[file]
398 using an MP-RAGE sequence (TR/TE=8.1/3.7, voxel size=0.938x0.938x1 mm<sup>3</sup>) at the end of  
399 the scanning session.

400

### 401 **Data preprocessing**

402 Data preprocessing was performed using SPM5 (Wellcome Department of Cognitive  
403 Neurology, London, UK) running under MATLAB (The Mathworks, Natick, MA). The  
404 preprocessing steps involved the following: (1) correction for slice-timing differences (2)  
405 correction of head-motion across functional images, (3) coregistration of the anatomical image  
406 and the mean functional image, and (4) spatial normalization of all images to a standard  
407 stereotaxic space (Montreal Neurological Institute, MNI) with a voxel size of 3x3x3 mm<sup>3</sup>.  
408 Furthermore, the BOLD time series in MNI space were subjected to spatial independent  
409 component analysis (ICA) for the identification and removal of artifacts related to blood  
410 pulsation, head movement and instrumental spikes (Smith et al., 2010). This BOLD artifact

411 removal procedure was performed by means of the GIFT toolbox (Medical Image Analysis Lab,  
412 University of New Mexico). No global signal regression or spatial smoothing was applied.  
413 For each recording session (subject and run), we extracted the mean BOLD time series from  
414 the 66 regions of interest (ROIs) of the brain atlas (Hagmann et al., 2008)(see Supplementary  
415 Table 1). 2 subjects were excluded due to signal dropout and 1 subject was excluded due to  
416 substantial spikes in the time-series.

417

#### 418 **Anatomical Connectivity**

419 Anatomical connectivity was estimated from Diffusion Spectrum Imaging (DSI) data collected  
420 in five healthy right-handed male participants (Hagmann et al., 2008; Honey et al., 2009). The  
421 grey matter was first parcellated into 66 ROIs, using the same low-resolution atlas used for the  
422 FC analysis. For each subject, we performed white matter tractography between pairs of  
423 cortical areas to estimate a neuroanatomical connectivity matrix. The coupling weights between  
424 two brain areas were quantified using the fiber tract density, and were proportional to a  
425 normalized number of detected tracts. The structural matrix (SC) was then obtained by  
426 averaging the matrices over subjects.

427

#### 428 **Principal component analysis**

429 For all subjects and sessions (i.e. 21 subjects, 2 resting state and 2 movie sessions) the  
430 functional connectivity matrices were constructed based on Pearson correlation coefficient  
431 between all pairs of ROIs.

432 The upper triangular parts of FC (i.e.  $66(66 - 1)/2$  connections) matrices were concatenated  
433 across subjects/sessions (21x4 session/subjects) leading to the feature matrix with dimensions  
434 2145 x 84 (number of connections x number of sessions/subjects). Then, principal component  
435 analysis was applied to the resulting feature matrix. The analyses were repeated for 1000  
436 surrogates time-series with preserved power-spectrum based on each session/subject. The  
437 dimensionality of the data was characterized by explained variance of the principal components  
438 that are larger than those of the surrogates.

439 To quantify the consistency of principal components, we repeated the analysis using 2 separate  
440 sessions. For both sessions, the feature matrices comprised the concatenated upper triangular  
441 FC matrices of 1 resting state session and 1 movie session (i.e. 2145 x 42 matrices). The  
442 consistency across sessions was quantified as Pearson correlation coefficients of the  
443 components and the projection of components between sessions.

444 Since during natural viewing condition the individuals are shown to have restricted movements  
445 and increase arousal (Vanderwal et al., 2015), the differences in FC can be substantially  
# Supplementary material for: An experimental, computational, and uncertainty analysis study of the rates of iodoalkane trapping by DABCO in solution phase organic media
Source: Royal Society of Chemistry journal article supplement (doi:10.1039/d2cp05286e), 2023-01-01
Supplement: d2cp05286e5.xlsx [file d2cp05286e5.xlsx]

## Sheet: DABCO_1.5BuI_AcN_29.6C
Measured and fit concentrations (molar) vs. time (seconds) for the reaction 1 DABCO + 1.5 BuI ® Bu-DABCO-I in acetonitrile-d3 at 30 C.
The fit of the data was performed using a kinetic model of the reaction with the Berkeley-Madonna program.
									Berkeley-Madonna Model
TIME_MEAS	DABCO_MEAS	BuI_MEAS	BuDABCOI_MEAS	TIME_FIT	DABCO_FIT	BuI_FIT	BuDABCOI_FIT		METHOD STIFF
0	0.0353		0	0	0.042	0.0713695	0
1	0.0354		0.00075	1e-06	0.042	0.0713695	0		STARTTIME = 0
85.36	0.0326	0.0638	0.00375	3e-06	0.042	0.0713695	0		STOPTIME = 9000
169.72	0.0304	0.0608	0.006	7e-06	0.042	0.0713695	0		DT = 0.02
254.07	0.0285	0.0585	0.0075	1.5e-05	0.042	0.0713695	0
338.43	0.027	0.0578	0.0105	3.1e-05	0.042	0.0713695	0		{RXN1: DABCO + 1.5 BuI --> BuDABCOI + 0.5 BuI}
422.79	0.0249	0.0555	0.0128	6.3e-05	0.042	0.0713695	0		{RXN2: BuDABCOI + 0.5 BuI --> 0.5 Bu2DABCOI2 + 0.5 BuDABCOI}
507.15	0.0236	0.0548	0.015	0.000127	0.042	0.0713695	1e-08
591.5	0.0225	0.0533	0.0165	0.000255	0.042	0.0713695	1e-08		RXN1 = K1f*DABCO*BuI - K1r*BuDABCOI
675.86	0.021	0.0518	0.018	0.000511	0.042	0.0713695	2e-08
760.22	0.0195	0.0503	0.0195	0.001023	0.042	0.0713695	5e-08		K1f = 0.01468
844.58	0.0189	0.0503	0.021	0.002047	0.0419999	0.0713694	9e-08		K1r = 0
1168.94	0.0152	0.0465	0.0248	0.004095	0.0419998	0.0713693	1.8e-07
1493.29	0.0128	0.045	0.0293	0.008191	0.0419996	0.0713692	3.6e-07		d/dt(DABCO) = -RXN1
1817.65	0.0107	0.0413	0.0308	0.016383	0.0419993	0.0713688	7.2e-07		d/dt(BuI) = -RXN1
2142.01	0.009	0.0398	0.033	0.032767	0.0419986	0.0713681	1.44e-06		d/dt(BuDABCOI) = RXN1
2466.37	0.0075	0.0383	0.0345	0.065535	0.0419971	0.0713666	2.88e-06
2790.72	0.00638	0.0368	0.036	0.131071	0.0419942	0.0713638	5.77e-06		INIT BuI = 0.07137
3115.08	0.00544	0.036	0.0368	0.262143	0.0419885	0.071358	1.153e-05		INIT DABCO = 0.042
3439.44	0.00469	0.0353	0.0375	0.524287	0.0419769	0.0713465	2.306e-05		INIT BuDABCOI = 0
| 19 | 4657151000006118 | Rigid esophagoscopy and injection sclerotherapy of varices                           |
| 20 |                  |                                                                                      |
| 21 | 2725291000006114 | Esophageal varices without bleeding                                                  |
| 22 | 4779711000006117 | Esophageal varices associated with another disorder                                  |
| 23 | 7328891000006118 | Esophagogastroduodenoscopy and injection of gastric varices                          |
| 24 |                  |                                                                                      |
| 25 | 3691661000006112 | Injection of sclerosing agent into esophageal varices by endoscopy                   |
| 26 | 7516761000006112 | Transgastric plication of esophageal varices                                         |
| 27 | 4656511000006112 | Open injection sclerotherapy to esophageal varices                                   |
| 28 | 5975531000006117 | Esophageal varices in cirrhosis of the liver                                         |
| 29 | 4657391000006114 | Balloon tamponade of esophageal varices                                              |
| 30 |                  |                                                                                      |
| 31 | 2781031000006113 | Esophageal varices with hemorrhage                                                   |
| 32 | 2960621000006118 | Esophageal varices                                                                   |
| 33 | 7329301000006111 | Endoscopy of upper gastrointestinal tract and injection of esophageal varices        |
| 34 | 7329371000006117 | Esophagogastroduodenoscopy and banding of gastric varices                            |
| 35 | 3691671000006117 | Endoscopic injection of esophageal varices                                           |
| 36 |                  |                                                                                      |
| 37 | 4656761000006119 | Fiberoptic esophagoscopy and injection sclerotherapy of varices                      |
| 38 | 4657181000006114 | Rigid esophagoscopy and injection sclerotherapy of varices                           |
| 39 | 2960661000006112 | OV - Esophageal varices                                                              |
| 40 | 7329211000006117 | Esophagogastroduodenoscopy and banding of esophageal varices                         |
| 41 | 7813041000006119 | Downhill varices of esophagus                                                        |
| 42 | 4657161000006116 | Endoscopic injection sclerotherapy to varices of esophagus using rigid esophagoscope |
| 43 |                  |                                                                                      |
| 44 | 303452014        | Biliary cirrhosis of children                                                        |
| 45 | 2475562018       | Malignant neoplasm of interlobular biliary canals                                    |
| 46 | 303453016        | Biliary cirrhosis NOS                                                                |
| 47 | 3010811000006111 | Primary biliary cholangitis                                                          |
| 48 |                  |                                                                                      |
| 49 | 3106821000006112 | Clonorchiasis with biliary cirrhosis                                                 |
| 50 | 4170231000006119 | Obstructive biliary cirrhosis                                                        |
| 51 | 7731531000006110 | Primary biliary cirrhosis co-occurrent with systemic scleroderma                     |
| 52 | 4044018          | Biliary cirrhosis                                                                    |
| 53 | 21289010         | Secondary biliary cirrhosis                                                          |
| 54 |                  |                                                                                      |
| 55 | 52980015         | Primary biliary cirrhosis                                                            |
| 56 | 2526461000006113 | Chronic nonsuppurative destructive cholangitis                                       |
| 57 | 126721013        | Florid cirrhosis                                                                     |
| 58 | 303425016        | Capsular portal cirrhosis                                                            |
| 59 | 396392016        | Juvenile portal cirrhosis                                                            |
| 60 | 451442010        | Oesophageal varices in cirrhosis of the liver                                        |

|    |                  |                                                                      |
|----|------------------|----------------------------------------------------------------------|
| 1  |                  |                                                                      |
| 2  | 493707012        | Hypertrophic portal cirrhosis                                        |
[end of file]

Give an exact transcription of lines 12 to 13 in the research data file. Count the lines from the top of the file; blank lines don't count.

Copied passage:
409 component analysis (ICA) for the identification and removal of artifacts related to blood  
410 pulsation, head movement and instrumental spikes (Smith et al., 2010). This BOLD artifact